Tugman became CEO of Marsulex in 2004. “I felt like I had been in training for most of my career to become the CEO. It wasn’t as if I suddenly found myself with the job, not knowing what to do. I felt I knew exactly what I wanted to accomplish.”
The ownership of Marsulex had changed in 2001. It had become a public company in 1996, but was still private equity controlled. TD Capital bought Marsulex’s private equity owner Harrowston in 2001 .The TD Capital managers subsequently formed Birch Hill Equity Partners.
“I was appointed to help realize on shareholder value and help Birch Hill exit the investment. I approached the board and communicated that there was an opportunity to do more with the company. My strategy would include a combination of acquisitions and organic growth through a period of time to create more shareholder value.
His strategy was a success. Rather than being a short-term CEO for an exit, Tugman held office for close to seven years and the company became substantially larger. The number of employees tripled and the revenue doubled. “From a profitability point of view, it was close to three times. There was no more equity put into the business and we actually paid down debt. I was running the operations from the time Birch Hill/TD Capital took over and by their measures there was a four and a half times return of capital for them and over $200 million of value created.”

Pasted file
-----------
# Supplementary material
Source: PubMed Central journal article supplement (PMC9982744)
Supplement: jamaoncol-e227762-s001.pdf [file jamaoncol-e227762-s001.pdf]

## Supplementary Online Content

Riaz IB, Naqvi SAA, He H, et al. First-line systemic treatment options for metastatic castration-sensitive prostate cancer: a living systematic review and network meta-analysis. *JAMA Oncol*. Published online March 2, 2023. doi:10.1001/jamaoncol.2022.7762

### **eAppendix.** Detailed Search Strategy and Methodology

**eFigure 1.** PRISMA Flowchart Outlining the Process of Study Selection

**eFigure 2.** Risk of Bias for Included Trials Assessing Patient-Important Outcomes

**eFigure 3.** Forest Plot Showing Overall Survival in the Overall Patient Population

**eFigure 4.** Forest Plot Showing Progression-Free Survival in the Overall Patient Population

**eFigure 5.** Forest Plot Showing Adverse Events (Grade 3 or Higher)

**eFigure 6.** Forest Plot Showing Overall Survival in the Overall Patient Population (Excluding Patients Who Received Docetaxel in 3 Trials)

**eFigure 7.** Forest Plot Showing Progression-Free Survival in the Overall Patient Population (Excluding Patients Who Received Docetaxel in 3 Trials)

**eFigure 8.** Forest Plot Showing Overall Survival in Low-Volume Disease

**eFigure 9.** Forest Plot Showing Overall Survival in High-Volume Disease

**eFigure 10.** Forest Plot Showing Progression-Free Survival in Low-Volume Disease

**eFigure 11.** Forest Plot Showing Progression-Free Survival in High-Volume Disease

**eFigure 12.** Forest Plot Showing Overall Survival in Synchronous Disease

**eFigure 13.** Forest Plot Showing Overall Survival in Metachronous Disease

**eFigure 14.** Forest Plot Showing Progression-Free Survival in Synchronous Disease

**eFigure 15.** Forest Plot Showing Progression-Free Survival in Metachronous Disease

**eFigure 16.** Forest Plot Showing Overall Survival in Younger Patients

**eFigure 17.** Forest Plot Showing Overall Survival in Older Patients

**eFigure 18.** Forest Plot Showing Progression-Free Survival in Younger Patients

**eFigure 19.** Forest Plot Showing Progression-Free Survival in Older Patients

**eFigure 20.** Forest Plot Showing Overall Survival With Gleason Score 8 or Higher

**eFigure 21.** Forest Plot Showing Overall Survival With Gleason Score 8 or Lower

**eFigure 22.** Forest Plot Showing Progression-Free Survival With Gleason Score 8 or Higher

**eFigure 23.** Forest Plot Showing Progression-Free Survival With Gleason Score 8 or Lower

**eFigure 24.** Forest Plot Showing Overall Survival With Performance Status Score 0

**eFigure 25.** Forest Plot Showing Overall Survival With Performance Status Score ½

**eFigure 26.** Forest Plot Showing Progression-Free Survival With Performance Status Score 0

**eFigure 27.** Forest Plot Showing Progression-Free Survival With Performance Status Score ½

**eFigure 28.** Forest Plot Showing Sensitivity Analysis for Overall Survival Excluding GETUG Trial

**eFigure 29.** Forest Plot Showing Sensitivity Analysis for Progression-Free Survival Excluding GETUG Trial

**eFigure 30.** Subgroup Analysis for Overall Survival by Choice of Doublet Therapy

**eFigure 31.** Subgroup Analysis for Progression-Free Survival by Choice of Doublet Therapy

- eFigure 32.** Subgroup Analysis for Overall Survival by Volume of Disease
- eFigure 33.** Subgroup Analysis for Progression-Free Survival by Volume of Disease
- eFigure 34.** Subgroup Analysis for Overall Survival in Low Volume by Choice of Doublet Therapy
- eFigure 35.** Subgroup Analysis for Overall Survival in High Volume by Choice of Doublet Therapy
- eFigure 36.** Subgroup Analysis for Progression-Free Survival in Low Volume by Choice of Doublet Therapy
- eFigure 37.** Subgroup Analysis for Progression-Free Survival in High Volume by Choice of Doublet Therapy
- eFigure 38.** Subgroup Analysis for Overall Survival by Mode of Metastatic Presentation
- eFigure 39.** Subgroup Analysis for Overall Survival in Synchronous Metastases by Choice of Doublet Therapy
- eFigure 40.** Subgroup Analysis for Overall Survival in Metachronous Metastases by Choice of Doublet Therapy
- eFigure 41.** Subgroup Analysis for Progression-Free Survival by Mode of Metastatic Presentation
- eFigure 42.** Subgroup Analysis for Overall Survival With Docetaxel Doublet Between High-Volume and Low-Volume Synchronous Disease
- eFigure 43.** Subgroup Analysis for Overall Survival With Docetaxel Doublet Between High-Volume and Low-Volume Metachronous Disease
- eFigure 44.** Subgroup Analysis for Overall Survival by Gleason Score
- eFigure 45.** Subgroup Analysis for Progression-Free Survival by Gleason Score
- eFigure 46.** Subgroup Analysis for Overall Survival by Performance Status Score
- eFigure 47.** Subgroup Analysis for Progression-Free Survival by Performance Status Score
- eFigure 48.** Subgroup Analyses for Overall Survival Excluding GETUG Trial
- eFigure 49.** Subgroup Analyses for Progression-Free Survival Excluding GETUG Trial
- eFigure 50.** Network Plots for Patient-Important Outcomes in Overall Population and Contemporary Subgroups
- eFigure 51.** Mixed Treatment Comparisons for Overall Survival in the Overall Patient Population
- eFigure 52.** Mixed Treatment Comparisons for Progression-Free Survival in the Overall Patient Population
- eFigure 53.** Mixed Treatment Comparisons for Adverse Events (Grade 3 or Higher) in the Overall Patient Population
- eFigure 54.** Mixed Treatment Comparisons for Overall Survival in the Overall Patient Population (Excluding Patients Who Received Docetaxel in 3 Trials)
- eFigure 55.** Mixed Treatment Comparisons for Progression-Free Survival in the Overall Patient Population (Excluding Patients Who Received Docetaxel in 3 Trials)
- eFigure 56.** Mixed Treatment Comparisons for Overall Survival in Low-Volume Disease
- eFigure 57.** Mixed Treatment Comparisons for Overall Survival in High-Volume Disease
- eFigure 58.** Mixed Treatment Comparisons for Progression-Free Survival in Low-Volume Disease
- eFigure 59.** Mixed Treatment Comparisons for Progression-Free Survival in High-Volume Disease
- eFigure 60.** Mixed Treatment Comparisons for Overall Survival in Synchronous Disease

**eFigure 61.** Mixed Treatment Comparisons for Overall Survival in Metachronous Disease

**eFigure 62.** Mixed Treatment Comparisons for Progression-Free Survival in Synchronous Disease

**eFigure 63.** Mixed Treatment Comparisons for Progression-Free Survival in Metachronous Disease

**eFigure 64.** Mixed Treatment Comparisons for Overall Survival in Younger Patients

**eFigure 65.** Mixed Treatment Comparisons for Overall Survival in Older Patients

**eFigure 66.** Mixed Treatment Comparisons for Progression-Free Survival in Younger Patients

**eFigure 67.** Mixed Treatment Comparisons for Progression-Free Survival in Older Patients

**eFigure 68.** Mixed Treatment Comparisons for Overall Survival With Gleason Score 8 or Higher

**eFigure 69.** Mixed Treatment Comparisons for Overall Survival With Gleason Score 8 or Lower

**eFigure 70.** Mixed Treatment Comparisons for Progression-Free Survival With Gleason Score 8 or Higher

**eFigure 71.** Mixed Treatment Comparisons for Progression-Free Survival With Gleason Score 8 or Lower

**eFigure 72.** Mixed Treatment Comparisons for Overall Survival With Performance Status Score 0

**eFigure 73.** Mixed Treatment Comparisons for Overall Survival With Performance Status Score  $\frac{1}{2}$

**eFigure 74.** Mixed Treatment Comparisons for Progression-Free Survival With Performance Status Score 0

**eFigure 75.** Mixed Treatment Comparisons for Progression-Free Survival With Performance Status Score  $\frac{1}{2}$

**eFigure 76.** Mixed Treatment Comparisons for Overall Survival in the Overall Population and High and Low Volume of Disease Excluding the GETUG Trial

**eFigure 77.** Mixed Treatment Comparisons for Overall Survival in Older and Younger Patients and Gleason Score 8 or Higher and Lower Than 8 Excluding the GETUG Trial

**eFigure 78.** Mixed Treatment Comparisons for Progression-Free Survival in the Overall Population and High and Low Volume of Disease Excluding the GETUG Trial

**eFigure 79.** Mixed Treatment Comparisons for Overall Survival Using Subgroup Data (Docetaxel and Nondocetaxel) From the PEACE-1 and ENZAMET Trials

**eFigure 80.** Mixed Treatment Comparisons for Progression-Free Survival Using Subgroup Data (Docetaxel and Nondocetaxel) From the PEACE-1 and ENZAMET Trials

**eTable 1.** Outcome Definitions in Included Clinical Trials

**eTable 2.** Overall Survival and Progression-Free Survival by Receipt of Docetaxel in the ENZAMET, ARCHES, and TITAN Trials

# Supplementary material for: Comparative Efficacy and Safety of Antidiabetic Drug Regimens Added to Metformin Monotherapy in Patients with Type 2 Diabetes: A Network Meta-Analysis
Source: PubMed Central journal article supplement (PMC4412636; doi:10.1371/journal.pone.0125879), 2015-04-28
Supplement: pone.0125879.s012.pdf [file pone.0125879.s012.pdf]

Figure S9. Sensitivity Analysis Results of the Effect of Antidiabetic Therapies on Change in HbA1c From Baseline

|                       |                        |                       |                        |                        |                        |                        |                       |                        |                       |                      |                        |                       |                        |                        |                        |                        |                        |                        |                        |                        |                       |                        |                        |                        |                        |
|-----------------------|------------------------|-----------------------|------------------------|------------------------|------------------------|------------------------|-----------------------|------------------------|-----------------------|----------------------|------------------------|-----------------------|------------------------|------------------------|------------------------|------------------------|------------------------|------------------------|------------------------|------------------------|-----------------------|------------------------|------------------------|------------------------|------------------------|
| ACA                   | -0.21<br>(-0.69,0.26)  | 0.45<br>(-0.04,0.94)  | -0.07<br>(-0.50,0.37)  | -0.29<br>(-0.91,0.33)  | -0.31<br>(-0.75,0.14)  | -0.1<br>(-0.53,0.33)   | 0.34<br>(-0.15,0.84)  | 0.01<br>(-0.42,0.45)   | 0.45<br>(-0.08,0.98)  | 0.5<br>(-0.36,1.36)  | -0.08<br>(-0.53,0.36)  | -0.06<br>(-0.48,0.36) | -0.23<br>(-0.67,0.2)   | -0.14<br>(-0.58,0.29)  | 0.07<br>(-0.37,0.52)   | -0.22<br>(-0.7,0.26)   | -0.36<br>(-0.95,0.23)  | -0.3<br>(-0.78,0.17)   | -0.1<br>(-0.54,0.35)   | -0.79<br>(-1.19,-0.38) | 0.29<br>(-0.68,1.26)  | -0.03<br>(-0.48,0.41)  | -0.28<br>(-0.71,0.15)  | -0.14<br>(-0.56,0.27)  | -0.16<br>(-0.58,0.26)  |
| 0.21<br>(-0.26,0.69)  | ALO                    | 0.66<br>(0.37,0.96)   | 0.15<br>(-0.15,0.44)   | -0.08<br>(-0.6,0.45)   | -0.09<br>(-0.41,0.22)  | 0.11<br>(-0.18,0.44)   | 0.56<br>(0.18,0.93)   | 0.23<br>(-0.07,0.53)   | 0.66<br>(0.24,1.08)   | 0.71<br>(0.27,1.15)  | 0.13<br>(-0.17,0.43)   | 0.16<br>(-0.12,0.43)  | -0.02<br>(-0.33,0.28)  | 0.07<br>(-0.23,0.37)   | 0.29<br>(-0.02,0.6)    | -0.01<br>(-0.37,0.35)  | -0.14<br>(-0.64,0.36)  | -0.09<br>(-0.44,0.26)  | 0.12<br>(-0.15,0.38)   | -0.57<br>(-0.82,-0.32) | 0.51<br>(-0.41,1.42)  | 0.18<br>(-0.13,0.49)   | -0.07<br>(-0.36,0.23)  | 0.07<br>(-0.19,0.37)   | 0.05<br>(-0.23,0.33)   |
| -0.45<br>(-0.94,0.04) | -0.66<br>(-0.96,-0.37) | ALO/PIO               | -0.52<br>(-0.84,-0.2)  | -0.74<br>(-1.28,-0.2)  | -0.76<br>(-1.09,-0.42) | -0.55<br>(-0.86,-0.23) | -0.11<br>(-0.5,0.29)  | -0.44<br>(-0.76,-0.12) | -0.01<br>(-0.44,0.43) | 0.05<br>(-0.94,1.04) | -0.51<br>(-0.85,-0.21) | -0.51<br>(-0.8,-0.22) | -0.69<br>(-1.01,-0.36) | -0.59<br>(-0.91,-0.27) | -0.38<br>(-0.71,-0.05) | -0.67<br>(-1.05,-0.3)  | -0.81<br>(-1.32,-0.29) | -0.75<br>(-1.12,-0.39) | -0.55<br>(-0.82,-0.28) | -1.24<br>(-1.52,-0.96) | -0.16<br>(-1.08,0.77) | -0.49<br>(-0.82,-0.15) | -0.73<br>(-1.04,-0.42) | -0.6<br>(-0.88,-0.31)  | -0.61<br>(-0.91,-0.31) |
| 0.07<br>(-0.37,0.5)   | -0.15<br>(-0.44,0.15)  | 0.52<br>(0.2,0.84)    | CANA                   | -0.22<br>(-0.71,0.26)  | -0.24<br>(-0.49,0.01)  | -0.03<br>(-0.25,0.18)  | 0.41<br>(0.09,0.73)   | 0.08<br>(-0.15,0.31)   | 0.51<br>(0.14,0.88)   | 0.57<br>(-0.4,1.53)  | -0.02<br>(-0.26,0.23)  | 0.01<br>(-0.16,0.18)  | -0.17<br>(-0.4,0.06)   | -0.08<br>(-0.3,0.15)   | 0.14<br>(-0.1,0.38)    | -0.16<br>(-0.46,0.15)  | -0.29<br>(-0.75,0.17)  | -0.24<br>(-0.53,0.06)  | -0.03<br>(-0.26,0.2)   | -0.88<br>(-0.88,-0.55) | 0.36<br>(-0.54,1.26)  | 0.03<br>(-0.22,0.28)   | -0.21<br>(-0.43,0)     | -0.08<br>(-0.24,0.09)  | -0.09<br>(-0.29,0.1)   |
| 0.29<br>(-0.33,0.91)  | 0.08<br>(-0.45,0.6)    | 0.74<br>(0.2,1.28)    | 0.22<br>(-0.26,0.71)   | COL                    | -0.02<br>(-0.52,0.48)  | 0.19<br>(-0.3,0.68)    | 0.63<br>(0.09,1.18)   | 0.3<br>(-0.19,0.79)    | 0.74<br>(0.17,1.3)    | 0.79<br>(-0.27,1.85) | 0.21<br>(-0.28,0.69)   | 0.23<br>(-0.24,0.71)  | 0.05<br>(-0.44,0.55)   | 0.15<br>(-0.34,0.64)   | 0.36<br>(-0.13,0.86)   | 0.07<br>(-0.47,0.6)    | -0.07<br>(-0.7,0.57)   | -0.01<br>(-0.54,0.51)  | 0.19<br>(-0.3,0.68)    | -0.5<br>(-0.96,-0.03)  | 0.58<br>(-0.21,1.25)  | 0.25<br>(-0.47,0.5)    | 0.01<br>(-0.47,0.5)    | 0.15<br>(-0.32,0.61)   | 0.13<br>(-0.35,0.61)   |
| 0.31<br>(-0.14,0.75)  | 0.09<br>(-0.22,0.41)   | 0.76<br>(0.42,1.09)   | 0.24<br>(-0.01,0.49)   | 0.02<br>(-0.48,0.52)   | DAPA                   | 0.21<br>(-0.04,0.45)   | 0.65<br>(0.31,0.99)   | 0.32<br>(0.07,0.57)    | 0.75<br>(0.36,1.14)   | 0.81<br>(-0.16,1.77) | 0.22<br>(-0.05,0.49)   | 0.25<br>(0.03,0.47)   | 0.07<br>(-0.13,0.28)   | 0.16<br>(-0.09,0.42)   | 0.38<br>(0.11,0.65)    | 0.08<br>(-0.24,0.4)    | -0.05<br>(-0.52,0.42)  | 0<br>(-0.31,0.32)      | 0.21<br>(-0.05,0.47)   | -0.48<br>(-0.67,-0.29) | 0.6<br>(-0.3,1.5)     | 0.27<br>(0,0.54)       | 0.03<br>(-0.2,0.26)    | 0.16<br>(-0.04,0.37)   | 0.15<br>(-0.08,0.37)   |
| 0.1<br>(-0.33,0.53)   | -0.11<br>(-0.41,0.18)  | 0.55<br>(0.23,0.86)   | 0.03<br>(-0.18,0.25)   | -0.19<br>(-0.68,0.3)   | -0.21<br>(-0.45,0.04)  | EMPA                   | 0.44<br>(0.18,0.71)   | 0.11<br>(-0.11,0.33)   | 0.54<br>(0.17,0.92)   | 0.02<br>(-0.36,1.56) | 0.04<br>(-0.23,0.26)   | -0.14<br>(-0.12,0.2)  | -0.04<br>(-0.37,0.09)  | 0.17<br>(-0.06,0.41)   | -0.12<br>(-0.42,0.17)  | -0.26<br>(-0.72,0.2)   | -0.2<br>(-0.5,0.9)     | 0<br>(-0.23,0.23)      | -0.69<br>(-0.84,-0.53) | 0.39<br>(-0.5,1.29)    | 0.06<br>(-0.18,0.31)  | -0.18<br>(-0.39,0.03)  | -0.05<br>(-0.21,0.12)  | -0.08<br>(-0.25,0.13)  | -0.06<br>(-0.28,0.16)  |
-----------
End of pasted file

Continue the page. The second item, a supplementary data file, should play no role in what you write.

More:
Reflecting on his major learnings from the experience, he mentioned that “most CEOs need to be conscious of the statistic concerning CEO longevity — and it’s something like eighteen months. You need to survive more than a couple of years and you need a plan in terms of what you will do with the business. Even if you have three to five years of success, you will have to reinvent yourself and the company. Most strategies only last for that amount of time. “
He feels that there are a host of reasons why CEOs fail early. “The complacency can set in and if you don’t reinvent yourself, you are going to hit a wall. That was something I was very cognizant of.”
He notes that a CEO of a private equity-owned company must create shareholder value. “All CEOs need to do this. The difference for private equity is that you also want to be able to liquidate and exit the business. You have to make sure that you can take the company to the next level and, at the same time, you have to be ready to leave.”
After seven years, it was time for an exit. “The more successful you are, the more likely it is that you can create that value and that exit for the shareholders. It is always a challenge to see all that disappear. At the time, he had mixed feelings. “The reality is you have done your job well, it’s hard to let go.” In his case, it wasn’t liquidation. Most of the employees continued on but the management team didn’t. “Ironically, you have spent a lot of time and effort creating a management team because you have the option of running the business. But at the same time, if the business is sold, that management team will be dispersed.”
The Marsulex management team was composed of six divisional people, on the next level down. His direct reports left, with the exception of one.